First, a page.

LFC; China Life; 10.2/22.4; $69.4Bn; 2.56x; 51.0%; $35.4Bn
Discussion of the Largest Insurance Companies' Asset Values:
A few figures are striking from the above chart. First, the total assets of the German based Allianz and the Netherlands-based ING are huge -- larger than AIG in the United States (AIG is the largest insurer in the US) by a significant margin -- Allianz holds tangible assets of $US1.46 Trillion at current Euro/Dollar exchange rates compared to AIG's $US869.8Bn in tangible assets. In other words, Allianz holds 68% more tangible assets than AIG, and ING holds a similar number of assets as Allianz.
Discussion of the Significance of the Higher Asset Values at AZ and ING vs AIG:
The first observation concerning the higher asset numbers is that AZ and ING are much more levered (hold more liabilities to equity) than AIG -- AZ is levered at 21.8x assets to equity, ING is levered at 29.0x assets to equity, while AIG is levered at a much lower 8.6x assets to equity. In other words, if AIG was levered at the same level as ING (29.0x), AIG would hold an incredible $2.9 Trillion of assets. Note also that AIG's net equity value (assets minus liabilities) is approximately $100Bn compared to $70.2Bn for Allianz; AIG on this measure can be considered a larger company.
However it would not be straightforward for AIG in the above example to add a very large sum of tangible assets. Note that these are the two ways in which insurance companies gain assets, by selling either 1. insurance policies and/or 2. annuities (it is generally not the case that an insurance company will borrow money from the bond market or banks only to invest in bonds). In order for AIG to gain the number of assets of either Allianz or ING, AIG would have to either 1) underwrite a sum total of 70% more insurance policies than AIG currently has on its books and fund these policies from debt, and/or 2) sell a very large number of annuities. It would likely be very difficult to gain an incredible $700M of new policies for any firm, at an acceptable risk/pricing profile.
It follows that, the high value of tangible assets reflects that both AZ and ING are huge firms, which dominate their respective country's insurance markets and the EU. Further, one could say that the tangible assets that both AZ and ING are most likely "quality" -- meaning assets in which the companies can derive increased earnings from investment earnings -- although the high leverage places more importance on the soundness of the company's respective underwriting policies and liability and interest rate management policies.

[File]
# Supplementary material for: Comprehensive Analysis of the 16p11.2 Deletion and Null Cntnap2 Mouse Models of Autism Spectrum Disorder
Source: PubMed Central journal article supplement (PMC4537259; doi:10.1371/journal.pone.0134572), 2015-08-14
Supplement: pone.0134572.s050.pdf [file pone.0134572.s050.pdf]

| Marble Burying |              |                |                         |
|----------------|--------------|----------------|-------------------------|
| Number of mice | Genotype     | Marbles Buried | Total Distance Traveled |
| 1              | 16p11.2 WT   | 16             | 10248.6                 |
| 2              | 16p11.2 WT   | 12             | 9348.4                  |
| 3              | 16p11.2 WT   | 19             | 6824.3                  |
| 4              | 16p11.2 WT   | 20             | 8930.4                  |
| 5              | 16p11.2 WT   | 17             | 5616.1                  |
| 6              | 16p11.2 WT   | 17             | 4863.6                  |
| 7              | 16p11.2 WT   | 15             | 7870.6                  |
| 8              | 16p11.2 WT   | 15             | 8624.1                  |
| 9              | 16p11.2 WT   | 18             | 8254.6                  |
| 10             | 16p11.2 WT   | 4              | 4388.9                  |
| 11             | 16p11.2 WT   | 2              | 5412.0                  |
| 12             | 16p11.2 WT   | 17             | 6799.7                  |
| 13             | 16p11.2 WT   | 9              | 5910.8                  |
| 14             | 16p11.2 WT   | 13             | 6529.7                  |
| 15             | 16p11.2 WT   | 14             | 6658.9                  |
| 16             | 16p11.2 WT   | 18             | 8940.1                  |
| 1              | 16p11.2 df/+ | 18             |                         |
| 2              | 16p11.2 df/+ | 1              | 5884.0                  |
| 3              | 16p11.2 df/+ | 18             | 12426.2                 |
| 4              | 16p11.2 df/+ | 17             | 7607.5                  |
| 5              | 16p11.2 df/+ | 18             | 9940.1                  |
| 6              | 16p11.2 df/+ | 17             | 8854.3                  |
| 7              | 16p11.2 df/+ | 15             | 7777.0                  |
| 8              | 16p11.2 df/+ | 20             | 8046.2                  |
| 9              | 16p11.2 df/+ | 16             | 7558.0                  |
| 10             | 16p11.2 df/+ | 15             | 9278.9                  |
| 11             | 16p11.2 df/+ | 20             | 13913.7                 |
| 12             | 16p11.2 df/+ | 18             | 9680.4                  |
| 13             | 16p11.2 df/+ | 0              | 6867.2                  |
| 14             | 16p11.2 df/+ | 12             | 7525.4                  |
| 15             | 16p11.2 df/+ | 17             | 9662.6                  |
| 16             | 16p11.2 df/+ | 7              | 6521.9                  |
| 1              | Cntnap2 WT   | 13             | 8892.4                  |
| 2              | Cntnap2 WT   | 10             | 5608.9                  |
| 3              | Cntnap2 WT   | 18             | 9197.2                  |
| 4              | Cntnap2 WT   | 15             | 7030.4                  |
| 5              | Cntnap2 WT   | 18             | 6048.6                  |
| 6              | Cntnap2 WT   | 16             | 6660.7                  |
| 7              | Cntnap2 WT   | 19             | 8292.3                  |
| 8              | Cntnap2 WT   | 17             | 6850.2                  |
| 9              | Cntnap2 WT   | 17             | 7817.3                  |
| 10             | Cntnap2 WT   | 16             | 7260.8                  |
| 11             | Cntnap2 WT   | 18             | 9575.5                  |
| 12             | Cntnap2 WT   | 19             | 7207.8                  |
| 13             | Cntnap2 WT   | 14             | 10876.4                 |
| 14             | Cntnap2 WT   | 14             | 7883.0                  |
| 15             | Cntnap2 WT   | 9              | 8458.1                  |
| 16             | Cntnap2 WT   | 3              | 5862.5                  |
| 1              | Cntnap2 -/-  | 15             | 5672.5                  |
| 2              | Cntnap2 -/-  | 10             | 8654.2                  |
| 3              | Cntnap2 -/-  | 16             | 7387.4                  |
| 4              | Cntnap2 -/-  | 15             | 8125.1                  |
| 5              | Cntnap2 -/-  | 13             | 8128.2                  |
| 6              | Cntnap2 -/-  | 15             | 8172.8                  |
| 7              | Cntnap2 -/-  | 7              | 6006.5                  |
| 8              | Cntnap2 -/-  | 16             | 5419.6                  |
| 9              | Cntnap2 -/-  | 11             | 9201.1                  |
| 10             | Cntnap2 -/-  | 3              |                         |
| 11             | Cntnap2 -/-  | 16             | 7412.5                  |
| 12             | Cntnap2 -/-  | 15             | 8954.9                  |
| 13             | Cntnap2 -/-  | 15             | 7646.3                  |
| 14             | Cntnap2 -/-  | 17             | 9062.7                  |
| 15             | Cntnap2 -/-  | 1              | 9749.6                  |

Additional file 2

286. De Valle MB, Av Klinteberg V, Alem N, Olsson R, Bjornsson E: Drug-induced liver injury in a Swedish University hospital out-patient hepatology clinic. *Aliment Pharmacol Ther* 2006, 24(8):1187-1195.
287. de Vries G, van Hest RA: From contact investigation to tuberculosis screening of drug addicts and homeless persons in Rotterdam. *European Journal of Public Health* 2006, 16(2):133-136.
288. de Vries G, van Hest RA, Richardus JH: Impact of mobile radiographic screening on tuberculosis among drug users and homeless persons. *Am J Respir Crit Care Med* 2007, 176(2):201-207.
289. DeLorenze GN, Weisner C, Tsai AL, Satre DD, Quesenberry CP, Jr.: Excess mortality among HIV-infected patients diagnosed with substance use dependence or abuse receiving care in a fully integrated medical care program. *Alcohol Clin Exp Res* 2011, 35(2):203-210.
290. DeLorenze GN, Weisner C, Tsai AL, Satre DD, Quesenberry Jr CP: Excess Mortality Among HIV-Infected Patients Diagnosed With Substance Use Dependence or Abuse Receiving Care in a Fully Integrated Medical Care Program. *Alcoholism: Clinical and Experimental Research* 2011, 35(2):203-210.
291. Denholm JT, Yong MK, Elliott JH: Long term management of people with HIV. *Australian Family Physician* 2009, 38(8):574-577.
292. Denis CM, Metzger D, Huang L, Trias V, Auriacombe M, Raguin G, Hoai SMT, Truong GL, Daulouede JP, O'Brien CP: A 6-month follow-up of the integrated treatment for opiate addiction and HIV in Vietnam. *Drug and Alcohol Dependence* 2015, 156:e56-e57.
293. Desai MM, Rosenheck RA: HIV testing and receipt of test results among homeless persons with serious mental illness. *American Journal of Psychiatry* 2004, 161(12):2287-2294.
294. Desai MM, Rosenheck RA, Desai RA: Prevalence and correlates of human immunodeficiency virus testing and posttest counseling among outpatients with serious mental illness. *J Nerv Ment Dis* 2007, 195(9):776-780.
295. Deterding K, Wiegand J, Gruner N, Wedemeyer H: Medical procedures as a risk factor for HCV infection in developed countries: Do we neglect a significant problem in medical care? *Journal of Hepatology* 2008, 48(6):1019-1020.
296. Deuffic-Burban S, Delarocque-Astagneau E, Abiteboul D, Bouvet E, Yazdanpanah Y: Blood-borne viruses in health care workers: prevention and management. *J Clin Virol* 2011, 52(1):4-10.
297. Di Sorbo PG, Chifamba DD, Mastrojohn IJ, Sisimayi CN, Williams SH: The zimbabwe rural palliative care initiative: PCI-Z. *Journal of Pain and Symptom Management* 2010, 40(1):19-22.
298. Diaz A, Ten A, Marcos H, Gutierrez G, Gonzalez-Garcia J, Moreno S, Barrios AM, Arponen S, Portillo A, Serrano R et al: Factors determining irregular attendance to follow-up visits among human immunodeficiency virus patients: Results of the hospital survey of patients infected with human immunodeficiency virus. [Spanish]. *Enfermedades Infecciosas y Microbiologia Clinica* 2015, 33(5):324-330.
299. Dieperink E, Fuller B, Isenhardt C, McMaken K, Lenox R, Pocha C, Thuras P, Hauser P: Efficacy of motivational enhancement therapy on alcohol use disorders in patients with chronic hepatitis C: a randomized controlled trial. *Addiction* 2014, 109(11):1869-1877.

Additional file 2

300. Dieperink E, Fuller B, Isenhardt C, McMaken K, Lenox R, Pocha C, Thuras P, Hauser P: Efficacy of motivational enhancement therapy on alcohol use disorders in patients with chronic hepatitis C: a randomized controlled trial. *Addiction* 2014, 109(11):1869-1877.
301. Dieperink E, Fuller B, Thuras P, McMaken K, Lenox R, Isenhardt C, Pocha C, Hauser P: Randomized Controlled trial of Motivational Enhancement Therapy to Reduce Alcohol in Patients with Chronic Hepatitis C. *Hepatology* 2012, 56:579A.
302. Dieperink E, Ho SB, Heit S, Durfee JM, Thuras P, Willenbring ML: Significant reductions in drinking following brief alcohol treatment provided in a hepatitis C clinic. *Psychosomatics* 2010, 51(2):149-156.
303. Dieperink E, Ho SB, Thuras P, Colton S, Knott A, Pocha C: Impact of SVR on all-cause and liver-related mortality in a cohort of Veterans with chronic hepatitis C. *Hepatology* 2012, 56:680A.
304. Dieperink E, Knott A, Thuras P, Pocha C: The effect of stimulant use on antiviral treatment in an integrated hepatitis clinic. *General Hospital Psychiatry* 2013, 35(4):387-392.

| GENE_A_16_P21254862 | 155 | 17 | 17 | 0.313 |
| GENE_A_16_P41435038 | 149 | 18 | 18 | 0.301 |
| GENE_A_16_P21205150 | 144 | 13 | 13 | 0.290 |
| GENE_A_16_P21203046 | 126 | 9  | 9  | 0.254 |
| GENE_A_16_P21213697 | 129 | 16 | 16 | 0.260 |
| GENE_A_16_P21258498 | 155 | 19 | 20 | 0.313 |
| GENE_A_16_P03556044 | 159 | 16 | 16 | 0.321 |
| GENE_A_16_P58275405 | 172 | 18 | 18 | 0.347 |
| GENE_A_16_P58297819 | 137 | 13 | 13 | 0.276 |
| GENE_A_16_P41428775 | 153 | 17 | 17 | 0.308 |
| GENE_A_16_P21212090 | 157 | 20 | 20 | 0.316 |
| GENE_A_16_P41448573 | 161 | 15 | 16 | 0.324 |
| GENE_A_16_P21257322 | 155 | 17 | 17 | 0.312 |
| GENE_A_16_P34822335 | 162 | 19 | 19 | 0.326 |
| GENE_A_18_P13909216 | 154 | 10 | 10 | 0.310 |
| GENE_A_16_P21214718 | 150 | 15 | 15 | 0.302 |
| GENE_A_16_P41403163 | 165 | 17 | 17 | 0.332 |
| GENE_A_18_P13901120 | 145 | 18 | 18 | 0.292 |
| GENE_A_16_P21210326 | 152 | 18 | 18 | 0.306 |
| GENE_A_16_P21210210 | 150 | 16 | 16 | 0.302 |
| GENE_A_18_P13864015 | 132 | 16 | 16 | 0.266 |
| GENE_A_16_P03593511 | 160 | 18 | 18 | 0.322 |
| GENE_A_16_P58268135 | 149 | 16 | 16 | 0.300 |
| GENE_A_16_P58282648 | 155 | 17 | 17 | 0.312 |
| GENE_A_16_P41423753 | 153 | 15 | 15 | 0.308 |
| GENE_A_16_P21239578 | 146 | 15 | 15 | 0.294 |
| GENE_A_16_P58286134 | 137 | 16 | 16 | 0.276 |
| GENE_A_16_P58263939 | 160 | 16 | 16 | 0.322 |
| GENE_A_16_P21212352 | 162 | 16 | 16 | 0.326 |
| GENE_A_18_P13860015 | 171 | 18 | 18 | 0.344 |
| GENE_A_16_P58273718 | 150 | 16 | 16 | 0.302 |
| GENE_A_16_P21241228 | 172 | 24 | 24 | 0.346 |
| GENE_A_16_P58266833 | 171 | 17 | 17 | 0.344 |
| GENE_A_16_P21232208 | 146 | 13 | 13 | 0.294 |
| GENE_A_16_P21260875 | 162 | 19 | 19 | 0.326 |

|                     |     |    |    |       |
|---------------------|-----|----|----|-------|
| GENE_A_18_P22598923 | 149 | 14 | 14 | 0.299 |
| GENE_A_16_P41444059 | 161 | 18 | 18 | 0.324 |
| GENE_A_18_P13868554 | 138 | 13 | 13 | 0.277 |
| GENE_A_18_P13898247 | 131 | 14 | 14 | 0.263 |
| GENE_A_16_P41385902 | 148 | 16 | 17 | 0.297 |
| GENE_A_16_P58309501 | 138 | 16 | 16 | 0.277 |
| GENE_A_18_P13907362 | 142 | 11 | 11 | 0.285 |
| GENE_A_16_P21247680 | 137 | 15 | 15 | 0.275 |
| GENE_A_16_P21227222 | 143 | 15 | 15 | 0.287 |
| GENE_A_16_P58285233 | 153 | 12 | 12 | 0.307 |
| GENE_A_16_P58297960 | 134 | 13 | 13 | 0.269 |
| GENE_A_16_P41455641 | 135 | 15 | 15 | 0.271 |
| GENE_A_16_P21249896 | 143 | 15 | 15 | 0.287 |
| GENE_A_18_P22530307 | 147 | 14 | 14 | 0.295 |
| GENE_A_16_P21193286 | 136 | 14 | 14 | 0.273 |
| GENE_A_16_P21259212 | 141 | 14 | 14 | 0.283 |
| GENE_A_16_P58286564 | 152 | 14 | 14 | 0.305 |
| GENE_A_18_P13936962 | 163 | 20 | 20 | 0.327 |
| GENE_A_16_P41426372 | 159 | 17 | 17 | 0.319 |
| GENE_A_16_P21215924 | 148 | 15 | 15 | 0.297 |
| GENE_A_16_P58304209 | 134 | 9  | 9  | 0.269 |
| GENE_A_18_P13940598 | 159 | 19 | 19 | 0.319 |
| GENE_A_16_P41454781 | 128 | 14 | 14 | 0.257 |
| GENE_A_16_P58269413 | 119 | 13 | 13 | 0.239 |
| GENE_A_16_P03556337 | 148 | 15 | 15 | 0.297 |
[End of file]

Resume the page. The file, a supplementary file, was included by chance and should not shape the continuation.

Do the Higher Asset Values of AZ and ING Mean that they are Undervalued?
It is argued here that both AZ and ING are somewhat undervalued, compared to the large insurance universe. The price/tangible book value of AZ and ING are equivalent to AIG at approximately 2x, but the assets are as mentioned above higher, leading to higher earnings leverage with more variability. The S&P credit rating of AZ and ING are AA- and AA respectively, compared to AIG's AAA rating -- so all insurers have very strong ratings, although it is possible AZ is in line for a credit upgrade with a few more quarters of strong profitability. The European economies are improving currently (mid-2007) with reforms instituted.
Lower Differences in Price/Tangible Book Value in the Large Insurance Universe:
The second salient feature of the above is that the differences in the price/tangible book value is less dramatic than the price/asset values. Possibly an interpretation of this is that the market will give limited credit to a higher risk profile -- more asset leverage. Further, all the large insurers listed above have many analysts following them, so the likelihood of hidden value between the firms is less.